Converting from an LLC to a C Corp is a common occurrence for many startups when they begin looking for outside financing. Two previous blog posts outline the paperwork that must be filed in order for a startup to successfully convert to a C Corp. Other than the filing requirements, it is important to know the tax treatment of the conversion.

 

Tax Consequences of an Assets-over transfer

A check-the-box election is usually treated as an “assets-over” transfer where there are two steps: (1) LLC contributes all of its assets to the corporation in exchange for stock, and then (2) the LLC liquidates and the corporation’s stock is distributed to the members.

If after conversion, at least 80 percent of the total combined voting power of all classes of stock in addition to 80 percent of total number of shares of non-voting class of stock retains control of the corporation, IRC § 351 governs the tax treatment of the transaction.

Generally, no gain or loss is recognized if property is transferred solely in exchange for stock in the corporation (IRC § 351). If other property or money is also given in exchange, gain must be recognized not in excess of the amount of money received plus the fair market value of any other property received. The LLC does not recognize any loss.

For exchanges where IRC § 351 applies, IRC § 357 states that gain must be recognized if the sum of the liabilities assumed is greater than the adjusted basis of the property transferred. The adjusted basis is the net cost of property after adjusting for improvement and depreciation of the property as well as any other tax-related items. This means that if the LLC transfers assets with a fair market value of $100,000 to the corporation along with debt worth $140,000 the LLC will have eliminated $40,000 of debt which is then treated as income. This $40,000 would be gain under IRC § 357.

One important thing to note for future tax calculations is the basis in each asset. The basis of something is simply the cost of the asset. The corporation takes the LLC’s basis in its assets, increased only if gain is recognized by the LLC. This is called the carryover basis (IRC § 362). The member’s basis in the corporation’s stock that is distributed to the member in exchange for liquidation of the member’s interest is the member’s adjusted basis in its LLC interest minus any money distributed to the member in the same transaction (IRC § 732).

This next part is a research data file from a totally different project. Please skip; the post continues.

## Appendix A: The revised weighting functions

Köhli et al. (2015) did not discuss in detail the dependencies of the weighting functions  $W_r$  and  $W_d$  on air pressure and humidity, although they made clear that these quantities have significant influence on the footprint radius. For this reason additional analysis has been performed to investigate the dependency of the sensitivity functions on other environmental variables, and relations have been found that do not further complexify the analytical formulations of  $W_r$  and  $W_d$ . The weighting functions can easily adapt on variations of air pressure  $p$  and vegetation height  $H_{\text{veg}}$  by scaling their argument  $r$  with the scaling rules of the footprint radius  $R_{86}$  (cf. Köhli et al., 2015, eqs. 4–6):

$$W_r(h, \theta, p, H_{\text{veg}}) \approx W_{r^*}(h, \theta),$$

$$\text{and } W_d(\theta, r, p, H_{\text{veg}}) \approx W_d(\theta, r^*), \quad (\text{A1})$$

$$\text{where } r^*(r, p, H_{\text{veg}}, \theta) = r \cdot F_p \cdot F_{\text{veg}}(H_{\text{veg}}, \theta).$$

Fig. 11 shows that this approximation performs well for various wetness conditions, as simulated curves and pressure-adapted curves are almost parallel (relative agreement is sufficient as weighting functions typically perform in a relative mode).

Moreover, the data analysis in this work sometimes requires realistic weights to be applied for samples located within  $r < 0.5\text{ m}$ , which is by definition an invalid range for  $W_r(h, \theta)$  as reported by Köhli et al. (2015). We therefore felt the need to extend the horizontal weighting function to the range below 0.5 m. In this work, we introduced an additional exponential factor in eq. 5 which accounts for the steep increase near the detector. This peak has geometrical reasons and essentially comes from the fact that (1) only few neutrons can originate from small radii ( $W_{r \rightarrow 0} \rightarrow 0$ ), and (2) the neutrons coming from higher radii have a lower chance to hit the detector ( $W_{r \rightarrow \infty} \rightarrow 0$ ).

Tax Consequences of an Assets-up Transfer

This transaction is different from an “assets-over” transfer because the members contribute the assets to the corporation instead of the LLC. This is a two-step process: (1) LLC liquidates and distributes its assets to its members and (2) the members contribute the assets to the corporation in exchange for stock.

A member must recognize gain on the money distributed to the extent that it is greater than the adjusted basis of the member’s interest in the LLC. If the only property distributed is money and the basis of any unrealized receivables and inventory, a loss should be recognized to the extent of the adjusted basis of member’s interest in LLC over the amount of the property distributed.

An LLC recognizes no gain or loss on distribution of its property to a member (IRC § 731).

The calculation of the basis for “asset-up” transfers is the same as for “asset-over” transfers. The member’s basis in the assets distributed in exchange for liquidation of member’s interest is the member’s adjusted basis in its LLC interest minus any money distributed to the member in the same transaction (IRC § 732). The corporation takes the carryover basis in the assets.

 

Tax Consequences of an Interests-over Transfer 

An interest-over transfer involves two steps: (1) members transfer their LLC interests to the corporation in exchange for stock and (2) the corporation dissolves LLC. Luckily, the tax treatment for an interest-over transfer is very similar to an assets-over transfer. The same sections dictate when a member must recognize a gain or loss. A corporation’s tax basis in the transferred assets equals the members’ aggregate tax basis. A member’s tax basis in the received stock is equal to the tax basis in its LLC interest minus the member’s liabilities assumed by the corporation.

The tax treatment of converting from an LLC to a C Corp can be complex and confusing. Startups should obtain legal advice from a tax attorney.